Amongst ethnic minority groups, lay members of the community could be useful in presenting culturally-tailored information, particularly when performed "face-to-face".


In many settings, women from ethnic minorities and deprived sub-groups in the population have lower uptake of cervical screening.

Resources needed for interventions may be less available in disadvantaged populations.

The interventions may increase inequity if they are not applied or adapted to these populations.


ECONOMIC CONSIDERATIONS
No trials assessing cost-effectiveness were identified. Five trials presented cost data, but all were conducted in high-income countries.

Scaling up of these interventions will require resources, and this should be considered when making decisions regarding implementation.

Local costings studies are desirable before scaling up these interventions.


MONITORING & EVALUATION

Sending invitations to women to attend cervical screening programmes is the intervention that has received most evaluation.

It is uncertain which type of interventions, for each categories of interventions are most effective.


Larger and more rigorous studies are required to determine the effects and the cost-effectiveness of interventions, particularly in resource-poor settings.

For each category of intervention, studies should identify which types are the most effective.

Future trials should also consider combination of interventions and ongoing changes in screening technology.


*Judgements made by the authors of this summary, not necessarily those of the review authors, based on the findings of the review and consultation with researchers and policymakers in low-income countries. For additional details about how these judgements were made see:
www.supportsummaries.org/methods


 

Additional information

Related literature

Glick SB, Clarke AR, Blanchard A, Whitaker AK. Cervical cancer screening, diagnosis and treatment interventions for racial and ethnic minorities: a systematic review. Journal of general internal medicine. 2012;27(8):1016-1032.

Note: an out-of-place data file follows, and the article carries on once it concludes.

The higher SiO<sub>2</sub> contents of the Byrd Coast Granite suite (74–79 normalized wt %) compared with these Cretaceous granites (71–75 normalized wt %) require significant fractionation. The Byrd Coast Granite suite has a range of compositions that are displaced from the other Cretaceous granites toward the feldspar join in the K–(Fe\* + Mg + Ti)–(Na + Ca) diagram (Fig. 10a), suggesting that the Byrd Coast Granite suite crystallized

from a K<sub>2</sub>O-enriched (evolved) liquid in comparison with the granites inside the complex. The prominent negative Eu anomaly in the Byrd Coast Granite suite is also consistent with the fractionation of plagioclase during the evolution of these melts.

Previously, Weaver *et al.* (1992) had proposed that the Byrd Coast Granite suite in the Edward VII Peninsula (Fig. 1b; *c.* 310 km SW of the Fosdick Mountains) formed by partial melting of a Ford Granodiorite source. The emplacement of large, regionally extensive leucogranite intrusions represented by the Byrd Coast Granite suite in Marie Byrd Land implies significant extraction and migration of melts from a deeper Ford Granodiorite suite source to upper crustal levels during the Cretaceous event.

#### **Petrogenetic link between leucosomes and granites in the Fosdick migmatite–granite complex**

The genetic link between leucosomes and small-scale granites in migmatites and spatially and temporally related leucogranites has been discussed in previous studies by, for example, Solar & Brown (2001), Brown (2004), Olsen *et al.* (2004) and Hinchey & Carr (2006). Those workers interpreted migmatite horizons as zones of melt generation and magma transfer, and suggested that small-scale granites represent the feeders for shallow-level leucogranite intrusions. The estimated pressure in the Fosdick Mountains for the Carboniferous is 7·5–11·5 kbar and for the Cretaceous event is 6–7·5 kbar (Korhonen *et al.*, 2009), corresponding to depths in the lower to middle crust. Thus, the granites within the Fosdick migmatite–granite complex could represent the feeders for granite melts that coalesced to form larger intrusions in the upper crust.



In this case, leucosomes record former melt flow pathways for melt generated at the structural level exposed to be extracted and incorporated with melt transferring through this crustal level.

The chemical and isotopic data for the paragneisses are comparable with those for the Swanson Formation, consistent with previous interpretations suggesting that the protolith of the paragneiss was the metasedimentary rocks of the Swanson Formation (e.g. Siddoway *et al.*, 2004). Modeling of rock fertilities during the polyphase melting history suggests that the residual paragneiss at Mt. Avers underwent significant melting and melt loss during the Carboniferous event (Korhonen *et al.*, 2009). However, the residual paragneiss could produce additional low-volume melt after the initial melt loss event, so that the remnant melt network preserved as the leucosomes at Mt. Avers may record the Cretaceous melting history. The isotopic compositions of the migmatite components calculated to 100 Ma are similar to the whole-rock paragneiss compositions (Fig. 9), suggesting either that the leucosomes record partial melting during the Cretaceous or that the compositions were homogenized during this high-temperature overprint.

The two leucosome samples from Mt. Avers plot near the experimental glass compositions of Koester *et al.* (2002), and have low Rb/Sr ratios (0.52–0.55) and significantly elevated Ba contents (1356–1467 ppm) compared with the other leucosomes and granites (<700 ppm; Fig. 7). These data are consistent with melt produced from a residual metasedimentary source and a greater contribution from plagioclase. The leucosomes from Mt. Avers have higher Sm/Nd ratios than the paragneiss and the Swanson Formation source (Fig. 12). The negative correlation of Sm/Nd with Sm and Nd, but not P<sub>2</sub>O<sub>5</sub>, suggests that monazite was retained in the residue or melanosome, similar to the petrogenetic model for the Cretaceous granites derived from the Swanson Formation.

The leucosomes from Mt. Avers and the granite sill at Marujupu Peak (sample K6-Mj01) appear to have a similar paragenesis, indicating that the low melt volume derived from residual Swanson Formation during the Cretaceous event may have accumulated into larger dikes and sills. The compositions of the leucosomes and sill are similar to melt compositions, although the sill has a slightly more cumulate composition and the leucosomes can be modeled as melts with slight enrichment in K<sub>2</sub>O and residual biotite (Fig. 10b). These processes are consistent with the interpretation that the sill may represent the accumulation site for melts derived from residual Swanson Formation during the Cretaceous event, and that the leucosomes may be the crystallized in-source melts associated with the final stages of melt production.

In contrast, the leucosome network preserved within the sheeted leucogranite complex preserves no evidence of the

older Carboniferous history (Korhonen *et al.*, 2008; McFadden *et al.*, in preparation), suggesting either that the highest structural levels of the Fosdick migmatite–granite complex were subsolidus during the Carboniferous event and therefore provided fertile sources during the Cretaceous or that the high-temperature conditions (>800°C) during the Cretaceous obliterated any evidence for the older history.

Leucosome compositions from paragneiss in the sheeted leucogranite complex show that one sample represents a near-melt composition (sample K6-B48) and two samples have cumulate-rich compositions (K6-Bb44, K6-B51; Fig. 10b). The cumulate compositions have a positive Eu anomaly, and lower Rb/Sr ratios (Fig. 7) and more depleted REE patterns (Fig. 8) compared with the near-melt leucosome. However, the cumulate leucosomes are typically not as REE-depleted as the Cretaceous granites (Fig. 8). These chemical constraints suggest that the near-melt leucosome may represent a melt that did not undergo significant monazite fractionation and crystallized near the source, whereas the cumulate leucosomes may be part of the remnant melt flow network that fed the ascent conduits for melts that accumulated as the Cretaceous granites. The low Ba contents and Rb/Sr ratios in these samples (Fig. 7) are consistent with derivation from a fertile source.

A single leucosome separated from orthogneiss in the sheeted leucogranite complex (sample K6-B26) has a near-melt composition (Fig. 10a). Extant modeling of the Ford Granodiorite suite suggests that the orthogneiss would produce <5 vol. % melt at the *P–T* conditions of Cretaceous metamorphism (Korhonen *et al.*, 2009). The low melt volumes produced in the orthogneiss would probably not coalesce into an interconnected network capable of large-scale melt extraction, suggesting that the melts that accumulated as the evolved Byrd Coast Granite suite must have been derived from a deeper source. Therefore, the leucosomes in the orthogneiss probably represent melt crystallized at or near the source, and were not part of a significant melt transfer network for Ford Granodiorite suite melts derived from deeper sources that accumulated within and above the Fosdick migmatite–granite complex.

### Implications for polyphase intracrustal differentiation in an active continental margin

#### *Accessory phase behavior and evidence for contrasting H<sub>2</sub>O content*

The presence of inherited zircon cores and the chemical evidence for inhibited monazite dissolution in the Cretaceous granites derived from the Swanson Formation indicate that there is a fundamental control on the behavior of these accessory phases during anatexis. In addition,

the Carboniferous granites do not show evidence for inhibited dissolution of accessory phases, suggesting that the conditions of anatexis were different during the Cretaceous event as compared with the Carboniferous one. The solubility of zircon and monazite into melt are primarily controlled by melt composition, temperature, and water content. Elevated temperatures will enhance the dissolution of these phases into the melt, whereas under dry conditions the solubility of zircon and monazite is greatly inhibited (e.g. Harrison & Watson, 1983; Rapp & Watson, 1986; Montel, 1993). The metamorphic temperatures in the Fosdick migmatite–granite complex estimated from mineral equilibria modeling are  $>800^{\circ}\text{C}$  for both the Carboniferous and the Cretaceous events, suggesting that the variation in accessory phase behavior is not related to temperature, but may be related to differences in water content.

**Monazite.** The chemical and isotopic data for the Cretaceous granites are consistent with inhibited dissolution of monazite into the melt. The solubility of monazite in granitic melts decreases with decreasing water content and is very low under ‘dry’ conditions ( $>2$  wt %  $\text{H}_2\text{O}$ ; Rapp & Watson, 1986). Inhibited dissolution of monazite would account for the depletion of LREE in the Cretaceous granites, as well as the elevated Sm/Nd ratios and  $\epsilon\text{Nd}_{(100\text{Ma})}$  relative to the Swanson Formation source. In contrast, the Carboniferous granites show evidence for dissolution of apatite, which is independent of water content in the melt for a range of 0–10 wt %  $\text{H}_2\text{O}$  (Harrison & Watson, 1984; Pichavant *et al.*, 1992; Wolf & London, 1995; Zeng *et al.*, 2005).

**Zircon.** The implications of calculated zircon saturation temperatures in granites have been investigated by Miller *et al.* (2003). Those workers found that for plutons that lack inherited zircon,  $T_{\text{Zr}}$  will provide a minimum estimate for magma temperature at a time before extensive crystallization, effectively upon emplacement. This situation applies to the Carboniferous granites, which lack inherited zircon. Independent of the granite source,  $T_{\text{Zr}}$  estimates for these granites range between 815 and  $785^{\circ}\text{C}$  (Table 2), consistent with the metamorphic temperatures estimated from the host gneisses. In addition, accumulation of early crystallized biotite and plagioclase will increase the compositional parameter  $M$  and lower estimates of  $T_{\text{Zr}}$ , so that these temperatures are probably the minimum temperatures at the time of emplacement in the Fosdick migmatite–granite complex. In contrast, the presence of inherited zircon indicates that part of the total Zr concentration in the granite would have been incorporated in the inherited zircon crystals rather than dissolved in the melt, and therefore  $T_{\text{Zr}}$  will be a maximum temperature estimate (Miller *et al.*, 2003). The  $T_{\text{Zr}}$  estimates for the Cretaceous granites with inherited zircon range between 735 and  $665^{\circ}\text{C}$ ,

Camilloni L, Ferroni E, Cendales BJ, et al. Methods to increase participation in organised screening programs: a systematic review. BMC public health. 2013; 13:464.

 

Sabatino SA, Lawrence B, Elder R, et al. Effectiveness of interventions to increase screening for breast, cervical, and colorectal cancers: nine updated systematic reviews for the guide to community preventive services. American journal of preventive medicine. 2012;43(1):97-118.

 

Brouwers MC, De Vito C, Bahirathan L, et al. What implementation interventions increase cancer screening rates? A systematic review. Implementation science: IS. 2011;6:111.

 

Baron RC, Rimer BK, Breslow RA, et al. Client-directed interventions to increase community demand for breast, cervical, and colorectal cancer screening a systematic review. American journal of preventive medicine. 2008;35(1 Suppl):S34-55.

 

This summary was prepared by

Agustín Ciapponi, Instituto de Efectividad Clínica y Sanitaria, Buenos Aires, Argentina

 

Conflict of interest

None declared. For details, see: www.supportsummaries.org/coi

 

Acknowledgements

This summary has been peer reviewed by: Thomas Everett and Lize Maree.

 

This review should be cited as

Everett T, Bryant A, Griffin MF, Martin-Hirsch PP, Forbes CA, Jepson RG. Interventions targeted at women to encourage the uptake of cervical screening. The Cochrane database of systematic reviews. 2011(5):CD002834.

 

The summary should be cited as

Ciapponi A. What is the effectiveness of interventions targeted at women to improve the uptake of cervical cancer screening? November 2016. www.supportsummaries.org

 

Keywords

evidence-informed health policy, evidence-based, systematic review, health systems research, health care, low and middle-income countries, developing countries, primary health care.

Antibiotic prescribing, hospital inpatients, antimicrobial stewardship, antibiotic policies, intervention strategies.